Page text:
These days, cannabis is Colorado’s cash crop. (Ciao, corn!)
In the three-and-a-half years since the state began allowing adults to purchase marijuana for recreational use, cannabis has contributed more than half a billion dollars in tax revenue to both state and local coffers.
That’s according to a report released Wednesday by the Denver-based marijuana consulting firm VS Strategies. Based on data from the Colorado Department of Revenue, the firm tabulated that cannabis-related taxes from 2014 through mid-2017 totaled $506,143,635.
That includes the taxes on purchases of marijuana for recreational or medical use, as well as fees paid by cannabis businesses. The tax figure is substantially more than some experts predicted in 2012 when Colorado voters approved Amendment 64, which legalized recreational marijuana. At that time, some analysts projected the state would net between $5 and $22 million a year in taxes.
A majority of money has gone to fund K-12 education (even with that, Colorado’s education funding badly lags behind most of the rest of the country). Amendment 64 requires the first $40 million in tax revenue be allotted for school construction.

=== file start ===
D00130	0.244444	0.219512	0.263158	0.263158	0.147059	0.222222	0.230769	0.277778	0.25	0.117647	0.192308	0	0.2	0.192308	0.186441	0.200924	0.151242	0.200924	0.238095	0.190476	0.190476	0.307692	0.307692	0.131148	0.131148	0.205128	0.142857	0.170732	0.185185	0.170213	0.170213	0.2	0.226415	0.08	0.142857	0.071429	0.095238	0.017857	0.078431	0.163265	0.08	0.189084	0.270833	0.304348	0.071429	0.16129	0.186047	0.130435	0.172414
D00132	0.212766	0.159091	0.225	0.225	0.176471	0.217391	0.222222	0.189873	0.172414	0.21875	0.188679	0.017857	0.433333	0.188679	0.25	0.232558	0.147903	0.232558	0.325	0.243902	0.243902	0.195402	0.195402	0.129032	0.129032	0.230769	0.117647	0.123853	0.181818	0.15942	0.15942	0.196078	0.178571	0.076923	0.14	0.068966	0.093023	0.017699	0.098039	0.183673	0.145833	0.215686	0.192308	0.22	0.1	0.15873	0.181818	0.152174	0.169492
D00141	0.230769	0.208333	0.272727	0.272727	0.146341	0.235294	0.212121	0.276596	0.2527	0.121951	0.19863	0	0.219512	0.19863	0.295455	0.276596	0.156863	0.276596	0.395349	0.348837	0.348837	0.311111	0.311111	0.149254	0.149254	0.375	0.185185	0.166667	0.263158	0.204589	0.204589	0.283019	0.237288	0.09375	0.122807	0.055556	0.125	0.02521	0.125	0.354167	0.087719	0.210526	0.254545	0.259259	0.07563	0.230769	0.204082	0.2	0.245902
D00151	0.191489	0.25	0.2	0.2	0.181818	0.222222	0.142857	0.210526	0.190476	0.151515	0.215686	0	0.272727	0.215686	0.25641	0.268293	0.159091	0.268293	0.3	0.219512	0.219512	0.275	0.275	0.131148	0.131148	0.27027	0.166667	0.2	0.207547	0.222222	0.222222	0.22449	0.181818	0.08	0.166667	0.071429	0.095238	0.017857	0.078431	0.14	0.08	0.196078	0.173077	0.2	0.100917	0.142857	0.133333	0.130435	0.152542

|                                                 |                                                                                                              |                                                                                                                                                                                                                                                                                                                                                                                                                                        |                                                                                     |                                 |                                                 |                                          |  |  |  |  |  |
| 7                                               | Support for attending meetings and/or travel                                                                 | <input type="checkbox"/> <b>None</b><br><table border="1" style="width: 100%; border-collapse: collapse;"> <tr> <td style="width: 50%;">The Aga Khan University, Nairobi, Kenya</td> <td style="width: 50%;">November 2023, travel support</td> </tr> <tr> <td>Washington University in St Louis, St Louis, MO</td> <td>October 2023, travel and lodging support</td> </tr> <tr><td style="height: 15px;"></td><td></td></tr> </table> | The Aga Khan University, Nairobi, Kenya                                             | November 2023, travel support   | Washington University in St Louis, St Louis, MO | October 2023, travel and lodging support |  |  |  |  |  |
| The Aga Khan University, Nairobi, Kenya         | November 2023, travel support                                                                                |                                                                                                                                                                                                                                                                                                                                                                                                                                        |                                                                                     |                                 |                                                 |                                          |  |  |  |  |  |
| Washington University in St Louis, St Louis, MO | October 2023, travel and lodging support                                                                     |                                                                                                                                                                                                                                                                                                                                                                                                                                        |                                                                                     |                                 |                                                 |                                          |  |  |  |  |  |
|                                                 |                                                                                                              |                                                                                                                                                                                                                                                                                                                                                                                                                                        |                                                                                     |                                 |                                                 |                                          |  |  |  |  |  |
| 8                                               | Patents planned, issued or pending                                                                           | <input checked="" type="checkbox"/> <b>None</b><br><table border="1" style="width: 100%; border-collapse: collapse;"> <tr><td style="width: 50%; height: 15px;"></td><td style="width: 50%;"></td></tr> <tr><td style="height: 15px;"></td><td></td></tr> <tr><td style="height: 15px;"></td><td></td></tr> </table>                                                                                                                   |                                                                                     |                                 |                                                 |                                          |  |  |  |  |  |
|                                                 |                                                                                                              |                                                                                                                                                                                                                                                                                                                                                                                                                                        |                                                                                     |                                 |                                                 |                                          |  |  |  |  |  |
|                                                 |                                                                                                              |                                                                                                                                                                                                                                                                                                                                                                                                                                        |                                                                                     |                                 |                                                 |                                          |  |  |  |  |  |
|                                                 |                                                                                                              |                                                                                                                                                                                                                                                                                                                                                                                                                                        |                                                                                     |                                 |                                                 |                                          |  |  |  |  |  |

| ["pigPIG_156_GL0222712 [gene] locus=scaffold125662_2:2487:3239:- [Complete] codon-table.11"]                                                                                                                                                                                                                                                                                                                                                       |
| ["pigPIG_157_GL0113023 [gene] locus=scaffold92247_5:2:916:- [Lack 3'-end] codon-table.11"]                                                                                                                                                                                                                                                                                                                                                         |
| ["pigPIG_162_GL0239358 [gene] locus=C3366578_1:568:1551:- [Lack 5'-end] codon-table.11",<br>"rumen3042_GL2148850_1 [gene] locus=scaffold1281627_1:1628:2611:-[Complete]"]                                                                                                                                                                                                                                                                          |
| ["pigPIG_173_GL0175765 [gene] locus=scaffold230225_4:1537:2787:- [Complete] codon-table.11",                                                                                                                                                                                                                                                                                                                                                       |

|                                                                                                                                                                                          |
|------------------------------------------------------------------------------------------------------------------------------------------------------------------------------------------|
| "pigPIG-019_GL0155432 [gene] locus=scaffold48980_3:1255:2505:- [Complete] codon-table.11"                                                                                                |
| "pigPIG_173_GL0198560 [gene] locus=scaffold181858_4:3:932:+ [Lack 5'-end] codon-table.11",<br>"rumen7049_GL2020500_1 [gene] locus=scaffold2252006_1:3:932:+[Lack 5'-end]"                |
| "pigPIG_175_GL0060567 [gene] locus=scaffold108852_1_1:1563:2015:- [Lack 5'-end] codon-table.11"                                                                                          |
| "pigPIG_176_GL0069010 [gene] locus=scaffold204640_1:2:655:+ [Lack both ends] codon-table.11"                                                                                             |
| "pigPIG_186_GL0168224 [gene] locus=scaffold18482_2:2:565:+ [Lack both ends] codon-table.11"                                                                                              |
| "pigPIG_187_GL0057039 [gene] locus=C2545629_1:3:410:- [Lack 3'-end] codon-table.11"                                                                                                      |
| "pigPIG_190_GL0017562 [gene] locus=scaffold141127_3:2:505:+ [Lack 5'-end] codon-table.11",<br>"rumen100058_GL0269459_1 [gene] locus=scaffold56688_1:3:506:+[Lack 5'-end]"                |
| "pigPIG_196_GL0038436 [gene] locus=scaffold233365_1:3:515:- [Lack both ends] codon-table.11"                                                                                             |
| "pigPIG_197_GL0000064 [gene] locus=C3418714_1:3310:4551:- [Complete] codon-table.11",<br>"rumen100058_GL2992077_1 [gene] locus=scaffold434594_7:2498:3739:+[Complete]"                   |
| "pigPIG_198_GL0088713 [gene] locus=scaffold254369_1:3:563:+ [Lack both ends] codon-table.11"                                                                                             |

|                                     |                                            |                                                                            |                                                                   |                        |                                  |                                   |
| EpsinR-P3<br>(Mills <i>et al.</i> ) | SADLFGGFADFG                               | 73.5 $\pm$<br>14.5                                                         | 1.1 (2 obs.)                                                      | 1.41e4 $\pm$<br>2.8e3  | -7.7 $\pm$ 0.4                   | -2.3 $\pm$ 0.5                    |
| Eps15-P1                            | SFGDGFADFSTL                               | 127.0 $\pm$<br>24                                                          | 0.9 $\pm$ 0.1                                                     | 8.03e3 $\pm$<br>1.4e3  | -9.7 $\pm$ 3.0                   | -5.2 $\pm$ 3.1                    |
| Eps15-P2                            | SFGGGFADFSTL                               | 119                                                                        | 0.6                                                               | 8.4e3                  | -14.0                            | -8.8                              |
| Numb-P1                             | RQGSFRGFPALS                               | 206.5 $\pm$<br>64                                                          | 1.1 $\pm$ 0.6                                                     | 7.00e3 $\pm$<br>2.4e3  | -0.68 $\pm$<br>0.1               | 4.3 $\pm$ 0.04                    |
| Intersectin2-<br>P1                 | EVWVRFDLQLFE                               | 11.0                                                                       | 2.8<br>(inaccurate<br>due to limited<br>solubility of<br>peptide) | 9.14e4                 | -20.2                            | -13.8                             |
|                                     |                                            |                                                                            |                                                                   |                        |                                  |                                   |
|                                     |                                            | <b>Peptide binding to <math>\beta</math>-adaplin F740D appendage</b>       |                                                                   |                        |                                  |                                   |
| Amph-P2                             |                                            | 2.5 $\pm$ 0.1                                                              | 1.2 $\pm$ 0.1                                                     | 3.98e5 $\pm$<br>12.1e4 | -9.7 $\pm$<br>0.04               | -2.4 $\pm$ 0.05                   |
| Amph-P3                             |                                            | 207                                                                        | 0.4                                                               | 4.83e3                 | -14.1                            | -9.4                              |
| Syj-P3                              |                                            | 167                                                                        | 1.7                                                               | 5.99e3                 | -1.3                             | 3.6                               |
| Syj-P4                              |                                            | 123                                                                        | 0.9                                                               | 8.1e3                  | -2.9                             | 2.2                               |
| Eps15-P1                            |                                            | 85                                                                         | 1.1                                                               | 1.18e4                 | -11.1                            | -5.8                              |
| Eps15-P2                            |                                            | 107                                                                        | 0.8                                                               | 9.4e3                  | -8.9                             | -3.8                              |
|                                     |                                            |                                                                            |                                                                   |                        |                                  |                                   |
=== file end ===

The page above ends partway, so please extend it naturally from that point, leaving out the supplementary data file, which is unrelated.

The remainder of the state’s share of cannabis taxes helps finance health care, health education, law enforcement and substance abuse prevention and treatment programs.
Local governments, which tax marijuana separately from the state, have used their share of the funds in a variety of ways.
Pueblo County, for instance, used some of the cash to start what’s believed to be the first cannabis-tax-funded college scholarship program. In 2017, it distributed $420,000 among 210 students.
The Denver-area city of Edgewater, which has six marijuana dispensaries and a population of 5,300, has used its cannabis windfall to upgrade outdated infrastructure. Cannabis taxes have generated more than $1.4 million for the city, which CBS Denver reports makes up 20 percent of Edgewater’s annual budget.
Marijuana sales in Colorado now regularly exceed $100 million on a monthly basis. In 2016, total recreational and medical sales exceeded $1.3 billion. By comparison, corn ― the state’s most-valuable non-psychoactive crop ― was valued at $569 million that year.
“Marijuana tax money has been used to improve a wide range of programs and services,” Mason Tvert, a leading advocate for Amendment 64 who now works for VS Strategies, said in an email to HuffPost. “It is funding everything from school construction to substance abuse treatment to fighting homelessness. While it might not fix every school or help every person who needs it, it is having a significant and positive impact on our community.”
Under Amendment 64, local governments still have the power to ban marijuana sales. Colorado Springs, for instance ― a city recovering from massive budget shortfalls ― does not allow the sale of recreational weed, and as such misses out on additional tax revenue.
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Full Article: Colorado’s Marijuana Tax Revenue Now Exceeds Half A Billion Dollars
Author: Ryan Grenoble
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Photo Credit: Mason Tvert
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